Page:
DI: What is the main principle, idea and inspiration behind your design?
HP : The design of the Terrace coffee table is inspired by terrace farming practices employed in mountainous regions of the Far East and South America. In much the same way that the hillsides are terraformed to produce flat, cultivatable land, the terraces meandering across the table surface are carved out of the wood to form two large, flat plains which provide practical areas for work or storage.
DI: What has been your main focus in designing this work? Especially what did you want to achieve?
HP : Our focus was to design a table that is unique and interesting, both aesthetically and functionally. In particular, we wanted the table to change the way people perceive and interact with furniture. So, we used terraces and layers to break away from the traditional linear aesthetic of standard furniture, and introduce height and depth (in the form of platforms) as a means to escape the monotony of flat surfaces. Not only does this add character to the design, but it forces the user to rethink how each piece is to be used by offering a functionality that is unconventional yet familiar.
DI: What are your future plans for this award winning design?
HP : We hope to grow the range with a series of pieces with a similar aesthetic.
DI: How long did it take you to design this particular concept?
HP : The concept came about very quickly, but prototyping, testing and developing the piece into a mass-manufacturable item took about 6 months.
DI: Why did you design this particular concept? Was this design commissioned or did you decide to pursuit an inspiration?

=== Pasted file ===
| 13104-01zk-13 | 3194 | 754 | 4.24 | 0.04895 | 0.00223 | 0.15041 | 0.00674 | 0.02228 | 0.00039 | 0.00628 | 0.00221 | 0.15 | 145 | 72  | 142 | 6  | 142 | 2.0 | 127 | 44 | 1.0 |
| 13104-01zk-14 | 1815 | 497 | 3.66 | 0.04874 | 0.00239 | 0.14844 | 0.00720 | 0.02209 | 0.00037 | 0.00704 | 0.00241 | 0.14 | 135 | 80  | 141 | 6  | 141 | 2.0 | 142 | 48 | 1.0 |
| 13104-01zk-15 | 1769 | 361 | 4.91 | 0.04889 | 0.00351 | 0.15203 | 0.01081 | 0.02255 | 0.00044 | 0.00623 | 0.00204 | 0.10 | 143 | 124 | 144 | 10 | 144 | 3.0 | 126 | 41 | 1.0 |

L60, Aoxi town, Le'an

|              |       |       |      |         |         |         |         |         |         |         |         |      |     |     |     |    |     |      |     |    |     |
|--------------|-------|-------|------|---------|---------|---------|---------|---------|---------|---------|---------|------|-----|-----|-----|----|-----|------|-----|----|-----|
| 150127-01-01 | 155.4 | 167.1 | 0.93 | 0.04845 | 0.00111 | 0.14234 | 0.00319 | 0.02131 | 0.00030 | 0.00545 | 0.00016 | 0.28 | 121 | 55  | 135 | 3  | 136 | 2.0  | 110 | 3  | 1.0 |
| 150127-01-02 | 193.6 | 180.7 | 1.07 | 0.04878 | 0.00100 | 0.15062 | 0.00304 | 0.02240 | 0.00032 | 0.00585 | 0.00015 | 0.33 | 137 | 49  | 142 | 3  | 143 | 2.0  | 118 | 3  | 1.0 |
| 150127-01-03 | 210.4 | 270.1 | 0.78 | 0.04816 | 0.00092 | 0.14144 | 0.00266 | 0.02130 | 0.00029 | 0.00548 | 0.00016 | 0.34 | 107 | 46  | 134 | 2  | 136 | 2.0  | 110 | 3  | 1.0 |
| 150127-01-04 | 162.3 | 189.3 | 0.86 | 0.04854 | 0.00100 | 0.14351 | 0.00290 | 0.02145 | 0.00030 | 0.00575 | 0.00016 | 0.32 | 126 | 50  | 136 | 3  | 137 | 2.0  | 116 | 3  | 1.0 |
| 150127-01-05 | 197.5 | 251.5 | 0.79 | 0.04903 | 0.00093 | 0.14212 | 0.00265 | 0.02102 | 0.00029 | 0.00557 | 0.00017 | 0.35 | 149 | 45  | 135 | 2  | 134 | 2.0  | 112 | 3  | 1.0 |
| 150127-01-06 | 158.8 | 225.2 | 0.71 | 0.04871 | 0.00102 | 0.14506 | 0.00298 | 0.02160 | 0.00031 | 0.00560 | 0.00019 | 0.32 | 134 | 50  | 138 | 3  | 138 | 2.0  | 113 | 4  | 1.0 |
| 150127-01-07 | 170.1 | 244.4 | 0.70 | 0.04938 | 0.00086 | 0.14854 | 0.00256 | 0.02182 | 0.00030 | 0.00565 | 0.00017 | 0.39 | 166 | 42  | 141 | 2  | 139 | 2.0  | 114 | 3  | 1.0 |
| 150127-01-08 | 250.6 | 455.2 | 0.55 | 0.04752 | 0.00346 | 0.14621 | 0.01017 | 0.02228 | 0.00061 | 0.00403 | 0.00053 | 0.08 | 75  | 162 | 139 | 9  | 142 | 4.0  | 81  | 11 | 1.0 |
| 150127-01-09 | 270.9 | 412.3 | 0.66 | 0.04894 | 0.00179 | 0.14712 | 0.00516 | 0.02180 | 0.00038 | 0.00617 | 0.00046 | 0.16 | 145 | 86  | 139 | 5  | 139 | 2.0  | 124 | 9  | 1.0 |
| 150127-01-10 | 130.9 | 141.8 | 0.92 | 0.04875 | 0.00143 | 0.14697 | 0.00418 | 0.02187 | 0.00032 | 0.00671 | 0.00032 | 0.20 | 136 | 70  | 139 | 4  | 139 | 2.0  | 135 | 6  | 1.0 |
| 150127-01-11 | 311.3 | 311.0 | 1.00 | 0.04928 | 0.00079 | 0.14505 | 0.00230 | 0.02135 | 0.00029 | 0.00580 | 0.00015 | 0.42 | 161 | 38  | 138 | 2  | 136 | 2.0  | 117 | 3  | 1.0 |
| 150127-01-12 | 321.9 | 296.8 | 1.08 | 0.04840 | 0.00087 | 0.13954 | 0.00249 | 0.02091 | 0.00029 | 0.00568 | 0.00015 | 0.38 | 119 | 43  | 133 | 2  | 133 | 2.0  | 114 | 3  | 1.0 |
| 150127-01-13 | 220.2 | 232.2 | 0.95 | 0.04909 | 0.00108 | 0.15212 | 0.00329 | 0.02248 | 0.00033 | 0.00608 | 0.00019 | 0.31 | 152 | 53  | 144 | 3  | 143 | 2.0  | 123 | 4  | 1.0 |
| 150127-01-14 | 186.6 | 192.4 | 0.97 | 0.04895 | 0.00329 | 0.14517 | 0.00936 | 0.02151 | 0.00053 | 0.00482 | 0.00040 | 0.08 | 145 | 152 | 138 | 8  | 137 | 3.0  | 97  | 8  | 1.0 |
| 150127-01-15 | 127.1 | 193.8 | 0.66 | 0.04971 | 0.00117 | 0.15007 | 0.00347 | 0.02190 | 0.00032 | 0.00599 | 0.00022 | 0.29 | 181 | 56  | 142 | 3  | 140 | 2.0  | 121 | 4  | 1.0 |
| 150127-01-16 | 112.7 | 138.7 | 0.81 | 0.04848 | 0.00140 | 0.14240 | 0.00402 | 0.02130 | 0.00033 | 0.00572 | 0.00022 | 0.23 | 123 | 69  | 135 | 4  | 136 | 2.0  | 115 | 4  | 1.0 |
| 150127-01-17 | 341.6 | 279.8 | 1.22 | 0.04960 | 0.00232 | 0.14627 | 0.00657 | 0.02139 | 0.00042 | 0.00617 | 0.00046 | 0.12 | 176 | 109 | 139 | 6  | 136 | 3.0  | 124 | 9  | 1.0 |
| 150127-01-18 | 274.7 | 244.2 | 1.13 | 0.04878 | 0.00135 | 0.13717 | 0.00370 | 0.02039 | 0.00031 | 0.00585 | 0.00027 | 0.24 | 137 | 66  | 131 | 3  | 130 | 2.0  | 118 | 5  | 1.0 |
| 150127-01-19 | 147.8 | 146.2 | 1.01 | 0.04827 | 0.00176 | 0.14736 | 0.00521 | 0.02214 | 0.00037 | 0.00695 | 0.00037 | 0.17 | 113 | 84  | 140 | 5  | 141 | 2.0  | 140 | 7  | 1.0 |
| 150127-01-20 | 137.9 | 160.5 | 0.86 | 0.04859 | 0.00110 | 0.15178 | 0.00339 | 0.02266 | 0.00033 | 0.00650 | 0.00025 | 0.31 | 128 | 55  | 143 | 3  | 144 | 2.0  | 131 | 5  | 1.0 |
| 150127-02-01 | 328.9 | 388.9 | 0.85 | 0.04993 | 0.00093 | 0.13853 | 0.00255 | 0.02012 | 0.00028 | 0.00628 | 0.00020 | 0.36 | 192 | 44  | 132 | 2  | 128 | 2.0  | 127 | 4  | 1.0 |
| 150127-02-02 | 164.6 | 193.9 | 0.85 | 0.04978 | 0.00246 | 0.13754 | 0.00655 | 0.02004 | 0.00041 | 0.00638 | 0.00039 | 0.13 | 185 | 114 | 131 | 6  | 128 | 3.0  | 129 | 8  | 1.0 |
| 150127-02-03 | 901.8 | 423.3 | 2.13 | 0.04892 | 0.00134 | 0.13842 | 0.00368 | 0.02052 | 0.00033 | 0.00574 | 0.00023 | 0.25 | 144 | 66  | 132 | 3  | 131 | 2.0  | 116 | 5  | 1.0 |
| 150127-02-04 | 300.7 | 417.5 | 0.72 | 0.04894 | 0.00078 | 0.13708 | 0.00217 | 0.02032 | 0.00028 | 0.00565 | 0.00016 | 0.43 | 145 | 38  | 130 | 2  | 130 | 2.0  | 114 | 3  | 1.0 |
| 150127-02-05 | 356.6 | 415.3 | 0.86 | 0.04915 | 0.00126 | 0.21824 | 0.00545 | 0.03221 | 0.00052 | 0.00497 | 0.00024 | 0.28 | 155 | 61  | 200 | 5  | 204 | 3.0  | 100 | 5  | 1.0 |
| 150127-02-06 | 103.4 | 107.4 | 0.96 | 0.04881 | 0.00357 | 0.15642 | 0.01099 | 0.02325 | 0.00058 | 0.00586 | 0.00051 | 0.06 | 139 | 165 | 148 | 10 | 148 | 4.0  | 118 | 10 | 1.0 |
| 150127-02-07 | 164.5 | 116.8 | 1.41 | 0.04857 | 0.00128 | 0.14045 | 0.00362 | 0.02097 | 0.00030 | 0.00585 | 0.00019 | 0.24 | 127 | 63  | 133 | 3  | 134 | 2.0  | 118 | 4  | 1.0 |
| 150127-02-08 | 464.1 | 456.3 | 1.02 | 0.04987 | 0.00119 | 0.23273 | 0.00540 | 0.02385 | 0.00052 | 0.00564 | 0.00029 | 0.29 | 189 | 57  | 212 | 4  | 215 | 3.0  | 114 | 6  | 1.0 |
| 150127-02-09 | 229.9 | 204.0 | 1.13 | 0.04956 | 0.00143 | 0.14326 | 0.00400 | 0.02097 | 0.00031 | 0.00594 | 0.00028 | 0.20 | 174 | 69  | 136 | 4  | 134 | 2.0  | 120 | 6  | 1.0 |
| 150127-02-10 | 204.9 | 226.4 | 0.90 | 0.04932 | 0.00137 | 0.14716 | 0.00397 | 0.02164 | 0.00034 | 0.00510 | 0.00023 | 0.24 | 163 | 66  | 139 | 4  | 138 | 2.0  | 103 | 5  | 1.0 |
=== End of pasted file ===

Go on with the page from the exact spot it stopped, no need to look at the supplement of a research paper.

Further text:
HP : As we are a start-up we created this piece to showcase our capabilities to prospective clients, and to build our portfolio. At the time of conception the project was not commissioned, it was a purely speculative endeavour.
DI: Is your design being produced or used by another company, or do you plan to sell or lease the production rights or do you intent to produce your work yourself?
HP : Luckily, the item was picked up by a London-based brand called HeadSprung!, who are manufacturing and selling the piece.
DI: What made you design this particular type of work?
HP : We wanted to create a piece of furniture that is different and unique to other products on the market. In particular, we wanted to design something whose function is unconventional but intuitive, and whose aesthetic is beautiful yet original.
DI: Where there any other designs and/or designers that helped the influence the design of your work?
HP : No other designs or designers helped influence this work. Mother nature and the farmers and civilisations that cultivated terrace farming on hillsides were our influences.
DI: Who is the target customer for his design?
HP : Our target customers are interior designers and architects for both domestic and contract environments. We also hope to target the design savvy and those interested in art and sculpture.
DI: What sets this design apart from other similar or resembling concepts?